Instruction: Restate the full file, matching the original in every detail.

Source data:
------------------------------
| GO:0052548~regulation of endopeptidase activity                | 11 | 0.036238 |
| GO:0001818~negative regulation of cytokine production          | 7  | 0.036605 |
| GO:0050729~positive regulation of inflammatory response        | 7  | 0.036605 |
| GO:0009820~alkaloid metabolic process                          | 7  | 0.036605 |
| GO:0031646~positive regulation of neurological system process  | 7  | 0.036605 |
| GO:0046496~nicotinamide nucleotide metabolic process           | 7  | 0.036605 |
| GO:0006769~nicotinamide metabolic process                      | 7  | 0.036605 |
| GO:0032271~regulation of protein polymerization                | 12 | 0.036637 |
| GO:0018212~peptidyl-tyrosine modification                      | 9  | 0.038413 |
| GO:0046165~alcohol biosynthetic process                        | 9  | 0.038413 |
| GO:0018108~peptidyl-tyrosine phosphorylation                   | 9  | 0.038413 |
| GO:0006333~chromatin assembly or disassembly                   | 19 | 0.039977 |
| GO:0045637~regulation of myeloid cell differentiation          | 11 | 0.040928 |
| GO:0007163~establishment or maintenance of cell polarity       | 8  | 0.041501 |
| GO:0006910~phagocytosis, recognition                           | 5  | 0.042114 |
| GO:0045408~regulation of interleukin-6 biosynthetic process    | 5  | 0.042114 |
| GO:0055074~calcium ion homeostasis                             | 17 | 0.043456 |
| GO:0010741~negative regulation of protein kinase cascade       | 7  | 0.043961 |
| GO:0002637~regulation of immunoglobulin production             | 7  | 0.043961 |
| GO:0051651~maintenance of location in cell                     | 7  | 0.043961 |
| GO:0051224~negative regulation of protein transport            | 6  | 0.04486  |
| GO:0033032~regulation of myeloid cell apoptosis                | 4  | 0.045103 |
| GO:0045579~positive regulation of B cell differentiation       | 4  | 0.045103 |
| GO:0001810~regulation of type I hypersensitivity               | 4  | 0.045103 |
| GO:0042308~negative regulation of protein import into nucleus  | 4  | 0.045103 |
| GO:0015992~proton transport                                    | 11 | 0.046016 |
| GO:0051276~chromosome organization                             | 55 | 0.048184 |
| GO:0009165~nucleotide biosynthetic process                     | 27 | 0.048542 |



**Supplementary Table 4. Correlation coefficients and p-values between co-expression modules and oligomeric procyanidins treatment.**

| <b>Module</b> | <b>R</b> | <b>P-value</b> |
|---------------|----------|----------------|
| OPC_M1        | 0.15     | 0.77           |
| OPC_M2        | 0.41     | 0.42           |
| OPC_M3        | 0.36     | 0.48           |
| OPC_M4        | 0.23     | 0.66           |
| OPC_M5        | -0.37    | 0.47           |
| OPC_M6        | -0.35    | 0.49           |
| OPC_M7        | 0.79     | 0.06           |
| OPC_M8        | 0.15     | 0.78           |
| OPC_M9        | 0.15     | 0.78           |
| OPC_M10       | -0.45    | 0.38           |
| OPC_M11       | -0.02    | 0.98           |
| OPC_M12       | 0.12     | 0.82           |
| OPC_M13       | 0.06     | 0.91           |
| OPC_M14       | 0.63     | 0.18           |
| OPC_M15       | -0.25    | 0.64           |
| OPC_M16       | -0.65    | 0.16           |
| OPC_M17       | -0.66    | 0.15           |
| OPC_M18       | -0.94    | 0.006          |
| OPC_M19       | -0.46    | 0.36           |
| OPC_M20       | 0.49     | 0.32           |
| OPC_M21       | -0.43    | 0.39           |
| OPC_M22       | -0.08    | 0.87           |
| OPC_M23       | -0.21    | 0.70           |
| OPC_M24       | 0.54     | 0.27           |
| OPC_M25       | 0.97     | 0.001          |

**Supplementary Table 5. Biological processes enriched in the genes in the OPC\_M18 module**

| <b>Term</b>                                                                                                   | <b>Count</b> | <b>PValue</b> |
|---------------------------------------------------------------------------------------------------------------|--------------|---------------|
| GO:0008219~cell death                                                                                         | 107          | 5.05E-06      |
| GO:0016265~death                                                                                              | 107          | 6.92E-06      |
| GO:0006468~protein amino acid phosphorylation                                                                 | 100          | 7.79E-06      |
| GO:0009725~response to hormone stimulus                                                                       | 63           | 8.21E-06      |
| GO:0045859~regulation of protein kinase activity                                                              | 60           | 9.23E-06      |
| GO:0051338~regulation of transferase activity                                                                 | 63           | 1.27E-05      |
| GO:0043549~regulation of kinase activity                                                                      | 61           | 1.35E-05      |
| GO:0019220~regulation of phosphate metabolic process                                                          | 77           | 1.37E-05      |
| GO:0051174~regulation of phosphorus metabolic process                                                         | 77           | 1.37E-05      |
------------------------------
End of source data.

| GO:0052548~regulation of endopeptidase activity                | 11 | 0.036238 |
| GO:0001818~negative regulation of cytokine production          | 7  | 0.036605 |
| GO:0050729~positive regulation of inflammatory response        | 7  | 0.036605 |
| GO:0009820~alkaloid metabolic process                          | 7  | 0.036605 |
| GO:0031646~positive regulation of neurological system process  | 7  | 0.036605 |
| GO:0046496~nicotinamide nucleotide metabolic process           | 7  | 0.036605 |
| GO:0006769~nicotinamide metabolic process                      | 7  | 0.036605 |
| GO:0032271~regulation of protein polymerization                | 12 | 0.036637 |
| GO:0018212~peptidyl-tyrosine modification                      | 9  | 0.038413 |
| GO:0046165~alcohol biosynthetic process                        | 9  | 0.038413 |
| GO:0018108~peptidyl-tyrosine phosphorylation                   | 9  | 0.038413 |
| GO:0006333~chromatin assembly or disassembly                   | 19 | 0.039977 |
| GO:0045637~regulation of myeloid cell differentiation          | 11 | 0.040928 |
| GO:0007163~establishment or maintenance of cell polarity       | 8  | 0.041501 |
| GO:0006910~phagocytosis, recognition                           | 5  | 0.042114 |
| GO:0045408~regulation of interleukin-6 biosynthetic process    | 5  | 0.042114 |
| GO:0055074~calcium ion homeostasis                             | 17 | 0.043456 |
| GO:0010741~negative regulation of protein kinase cascade       | 7  | 0.043961 |
| GO:0002637~regulation of immunoglobulin production             | 7  | 0.043961 |
| GO:0051651~maintenance of location in cell                     | 7  | 0.043961 |
| GO:0051224~negative regulation of protein transport            | 6  | 0.04486  |
| GO:0033032~regulation of myeloid cell apoptosis                | 4  | 0.045103 |
| GO:0045579~positive regulation of B cell differentiation       | 4  | 0.045103 |
| GO:0001810~regulation of type I hypersensitivity               | 4  | 0.045103 |
| GO:0042308~negative regulation of protein import into nucleus  | 4  | 0.045103 |
| GO:0015992~proton transport                                    | 11 | 0.046016 |
| GO:0051276~chromosome organization                             | 55 | 0.048184 |
| GO:0009165~nucleotide biosynthetic process                     | 27 | 0.048542 |



**Supplementary Table 4. Correlation coefficients and p-values between co-expression modules and oligomeric procyanidins treatment.**

| <b>Module</b> | <b>R</b> | <b>P-value</b> |
|---------------|----------|----------------|
| OPC_M1        | 0.15     | 0.77           |
| OPC_M2        | 0.41     | 0.42           |
| OPC_M3        | 0.36     | 0.48           |
| OPC_M4        | 0.23     | 0.66           |
| OPC_M5        | -0.37    | 0.47           |
| OPC_M6        | -0.35    | 0.49           |
| OPC_M7        | 0.79     | 0.06           |
| OPC_M8        | 0.15     | 0.78           |
| OPC_M9        | 0.15     | 0.78           |
| OPC_M10       | -0.45    | 0.38           |
| OPC_M11       | -0.02    | 0.98           |
| OPC_M12       | 0.12     | 0.82           |
| OPC_M13       | 0.06     | 0.91           |
| OPC_M14       | 0.63     | 0.18           |
| OPC_M15       | -0.25    | 0.64           |
| OPC_M16       | -0.65    | 0.16           |
| OPC_M17       | -0.66    | 0.15           |
| OPC_M18       | -0.94    | 0.006          |
| OPC_M19       | -0.46    | 0.36           |
| OPC_M20       | 0.49     | 0.32           |
| OPC_M21       | -0.43    | 0.39           |
| OPC_M22       | -0.08    | 0.87           |
| OPC_M23       | -0.21    | 0.70           |
| OPC_M24       | 0.54     | 0.27           |
| OPC_M25       | 0.97     | 0.001          |

**Supplementary Table 5. Biological processes enriched in the genes in the OPC\_M18 module**

| <b>Term</b>                                                                                                   | <b>Count</b> | <b>PValue</b> |
|---------------------------------------------------------------------------------------------------------------|--------------|---------------|
| GO:0008219~cell death                                                                                         | 107          | 5.05E-06      |
| GO:0016265~death                                                                                              | 107          | 6.92E-06      |
| GO:0006468~protein amino acid phosphorylation                                                                 | 100          | 7.79E-06      |
| GO:0009725~response to hormone stimulus                                                                       | 63           | 8.21E-06      |
| GO:0045859~regulation of protein kinase activity                                                              | 60           | 9.23E-06      |
| GO:0051338~regulation of transferase activity                                                                 | 63           | 1.27E-05      |
| GO:0043549~regulation of kinase activity                                                                      | 61           | 1.35E-05      |
| GO:0019220~regulation of phosphate metabolic process                                                          | 77           | 1.37E-05      |
| GO:0051174~regulation of phosphorus metabolic process                                                         | 77           | 1.37E-05      |